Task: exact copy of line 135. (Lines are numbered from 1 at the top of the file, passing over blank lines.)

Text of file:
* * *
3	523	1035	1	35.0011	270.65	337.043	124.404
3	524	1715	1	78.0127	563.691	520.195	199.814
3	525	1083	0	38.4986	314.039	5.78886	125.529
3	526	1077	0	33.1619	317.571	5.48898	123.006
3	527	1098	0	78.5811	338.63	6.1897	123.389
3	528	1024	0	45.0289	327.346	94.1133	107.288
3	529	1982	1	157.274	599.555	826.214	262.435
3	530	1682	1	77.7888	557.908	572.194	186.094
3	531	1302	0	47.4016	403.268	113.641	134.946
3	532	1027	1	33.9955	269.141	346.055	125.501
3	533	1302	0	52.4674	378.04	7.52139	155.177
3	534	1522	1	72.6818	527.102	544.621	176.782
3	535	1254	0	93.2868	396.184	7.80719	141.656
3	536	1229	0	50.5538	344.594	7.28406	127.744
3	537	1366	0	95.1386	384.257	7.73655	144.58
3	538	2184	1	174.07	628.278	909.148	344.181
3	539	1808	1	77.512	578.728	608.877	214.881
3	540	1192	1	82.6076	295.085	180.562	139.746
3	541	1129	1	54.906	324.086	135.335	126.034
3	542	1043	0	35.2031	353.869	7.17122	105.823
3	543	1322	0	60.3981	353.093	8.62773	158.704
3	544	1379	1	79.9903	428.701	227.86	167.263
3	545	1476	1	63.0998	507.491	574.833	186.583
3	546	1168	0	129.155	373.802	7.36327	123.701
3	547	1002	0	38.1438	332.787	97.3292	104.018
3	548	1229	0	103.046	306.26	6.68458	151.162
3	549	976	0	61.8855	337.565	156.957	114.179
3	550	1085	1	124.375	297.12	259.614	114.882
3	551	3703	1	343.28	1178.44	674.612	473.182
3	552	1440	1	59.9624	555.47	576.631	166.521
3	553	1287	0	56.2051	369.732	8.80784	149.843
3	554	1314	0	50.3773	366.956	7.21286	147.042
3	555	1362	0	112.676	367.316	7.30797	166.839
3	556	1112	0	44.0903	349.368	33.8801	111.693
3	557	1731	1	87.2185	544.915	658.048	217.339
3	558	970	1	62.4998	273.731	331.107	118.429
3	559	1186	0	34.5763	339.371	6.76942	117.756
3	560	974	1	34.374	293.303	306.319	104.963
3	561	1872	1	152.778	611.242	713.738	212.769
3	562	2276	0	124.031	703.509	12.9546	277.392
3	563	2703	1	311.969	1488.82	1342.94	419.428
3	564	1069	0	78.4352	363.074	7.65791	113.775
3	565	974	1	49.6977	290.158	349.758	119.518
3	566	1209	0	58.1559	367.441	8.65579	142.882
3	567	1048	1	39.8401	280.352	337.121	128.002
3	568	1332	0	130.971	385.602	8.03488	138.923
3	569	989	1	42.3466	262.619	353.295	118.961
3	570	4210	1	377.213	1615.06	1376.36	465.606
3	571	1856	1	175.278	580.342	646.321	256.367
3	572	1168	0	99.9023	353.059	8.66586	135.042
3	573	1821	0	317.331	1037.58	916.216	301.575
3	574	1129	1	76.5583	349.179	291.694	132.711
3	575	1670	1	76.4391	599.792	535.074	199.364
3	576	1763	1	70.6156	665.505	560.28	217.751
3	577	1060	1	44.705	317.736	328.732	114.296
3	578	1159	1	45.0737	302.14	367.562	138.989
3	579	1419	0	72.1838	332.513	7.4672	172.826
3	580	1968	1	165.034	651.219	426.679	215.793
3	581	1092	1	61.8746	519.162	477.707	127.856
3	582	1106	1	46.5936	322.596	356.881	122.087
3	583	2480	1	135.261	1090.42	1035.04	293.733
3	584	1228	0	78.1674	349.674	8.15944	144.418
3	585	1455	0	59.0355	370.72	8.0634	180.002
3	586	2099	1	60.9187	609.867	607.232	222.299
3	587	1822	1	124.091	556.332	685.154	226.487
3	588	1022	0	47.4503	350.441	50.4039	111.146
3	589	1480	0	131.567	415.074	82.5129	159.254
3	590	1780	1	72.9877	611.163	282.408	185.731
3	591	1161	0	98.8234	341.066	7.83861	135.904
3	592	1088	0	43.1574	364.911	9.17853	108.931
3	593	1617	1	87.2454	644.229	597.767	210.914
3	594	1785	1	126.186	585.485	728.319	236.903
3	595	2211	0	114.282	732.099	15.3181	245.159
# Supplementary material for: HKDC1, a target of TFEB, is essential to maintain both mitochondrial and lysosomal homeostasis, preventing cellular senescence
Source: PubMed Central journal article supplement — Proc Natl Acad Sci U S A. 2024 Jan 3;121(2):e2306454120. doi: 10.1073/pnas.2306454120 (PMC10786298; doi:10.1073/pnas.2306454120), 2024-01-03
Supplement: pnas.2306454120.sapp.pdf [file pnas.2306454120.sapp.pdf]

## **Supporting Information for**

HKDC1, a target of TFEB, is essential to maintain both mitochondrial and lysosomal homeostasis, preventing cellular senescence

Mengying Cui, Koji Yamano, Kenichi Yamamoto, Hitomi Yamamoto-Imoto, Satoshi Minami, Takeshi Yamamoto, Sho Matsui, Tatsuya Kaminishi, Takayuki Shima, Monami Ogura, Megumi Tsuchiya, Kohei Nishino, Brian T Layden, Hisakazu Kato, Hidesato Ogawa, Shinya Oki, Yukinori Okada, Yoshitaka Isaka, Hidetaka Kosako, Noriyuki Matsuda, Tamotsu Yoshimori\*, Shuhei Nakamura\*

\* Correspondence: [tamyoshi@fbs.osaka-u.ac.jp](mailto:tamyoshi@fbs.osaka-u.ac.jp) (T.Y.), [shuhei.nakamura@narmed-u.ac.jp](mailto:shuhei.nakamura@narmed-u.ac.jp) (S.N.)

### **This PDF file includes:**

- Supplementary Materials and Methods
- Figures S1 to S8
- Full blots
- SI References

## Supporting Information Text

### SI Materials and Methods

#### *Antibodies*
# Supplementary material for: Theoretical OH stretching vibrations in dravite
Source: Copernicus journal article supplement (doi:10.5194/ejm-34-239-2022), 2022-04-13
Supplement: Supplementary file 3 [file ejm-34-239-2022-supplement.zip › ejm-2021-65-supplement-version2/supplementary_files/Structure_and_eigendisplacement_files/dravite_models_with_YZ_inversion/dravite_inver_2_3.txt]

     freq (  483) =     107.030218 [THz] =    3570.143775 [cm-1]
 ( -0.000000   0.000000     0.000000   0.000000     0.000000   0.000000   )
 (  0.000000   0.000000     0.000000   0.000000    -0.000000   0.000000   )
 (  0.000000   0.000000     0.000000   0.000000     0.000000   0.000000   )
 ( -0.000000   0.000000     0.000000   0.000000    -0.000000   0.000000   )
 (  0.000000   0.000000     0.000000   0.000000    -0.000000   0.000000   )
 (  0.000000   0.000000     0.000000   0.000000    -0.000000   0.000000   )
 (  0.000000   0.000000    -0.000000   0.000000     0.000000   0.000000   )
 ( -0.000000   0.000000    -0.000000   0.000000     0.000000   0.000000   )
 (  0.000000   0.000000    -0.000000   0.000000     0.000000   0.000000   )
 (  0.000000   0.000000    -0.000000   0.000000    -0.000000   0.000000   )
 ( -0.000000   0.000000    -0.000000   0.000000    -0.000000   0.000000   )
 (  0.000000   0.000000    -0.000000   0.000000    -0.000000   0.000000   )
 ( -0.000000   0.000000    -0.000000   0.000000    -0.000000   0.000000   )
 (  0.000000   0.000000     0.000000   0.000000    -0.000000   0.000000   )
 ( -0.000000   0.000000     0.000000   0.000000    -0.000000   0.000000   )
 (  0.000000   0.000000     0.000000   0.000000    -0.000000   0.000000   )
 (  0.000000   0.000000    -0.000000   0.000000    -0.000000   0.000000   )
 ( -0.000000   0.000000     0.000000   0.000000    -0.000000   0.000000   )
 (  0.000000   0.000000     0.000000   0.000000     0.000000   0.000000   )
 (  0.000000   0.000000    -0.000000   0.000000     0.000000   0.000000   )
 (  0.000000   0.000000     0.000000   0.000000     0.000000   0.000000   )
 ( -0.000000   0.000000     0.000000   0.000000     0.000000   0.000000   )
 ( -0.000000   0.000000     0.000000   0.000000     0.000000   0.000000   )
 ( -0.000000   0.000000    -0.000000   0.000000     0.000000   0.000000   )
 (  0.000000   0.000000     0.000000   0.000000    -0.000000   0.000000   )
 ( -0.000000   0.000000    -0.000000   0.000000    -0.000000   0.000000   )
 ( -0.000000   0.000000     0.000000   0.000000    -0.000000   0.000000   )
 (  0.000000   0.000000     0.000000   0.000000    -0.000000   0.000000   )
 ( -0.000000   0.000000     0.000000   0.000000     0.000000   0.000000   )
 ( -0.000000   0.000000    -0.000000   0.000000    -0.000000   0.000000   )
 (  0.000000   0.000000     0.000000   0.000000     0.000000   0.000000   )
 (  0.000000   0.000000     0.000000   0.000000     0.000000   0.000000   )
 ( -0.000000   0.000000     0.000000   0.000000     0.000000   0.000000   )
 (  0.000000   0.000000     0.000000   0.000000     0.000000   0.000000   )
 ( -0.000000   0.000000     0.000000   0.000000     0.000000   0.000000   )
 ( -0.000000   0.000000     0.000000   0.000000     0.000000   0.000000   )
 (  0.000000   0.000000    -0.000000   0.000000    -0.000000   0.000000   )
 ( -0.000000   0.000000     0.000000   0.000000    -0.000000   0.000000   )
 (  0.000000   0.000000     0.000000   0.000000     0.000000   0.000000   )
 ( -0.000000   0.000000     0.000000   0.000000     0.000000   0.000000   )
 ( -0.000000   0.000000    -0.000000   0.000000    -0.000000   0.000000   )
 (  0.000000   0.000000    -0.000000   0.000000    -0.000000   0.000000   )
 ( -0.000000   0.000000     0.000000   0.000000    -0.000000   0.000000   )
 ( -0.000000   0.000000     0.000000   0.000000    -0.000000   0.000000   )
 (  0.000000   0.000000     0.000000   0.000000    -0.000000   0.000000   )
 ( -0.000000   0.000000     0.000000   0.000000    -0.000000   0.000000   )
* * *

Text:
 ( -0.000000   0.000000     0.000000   0.000000    -0.000000   0.000000   )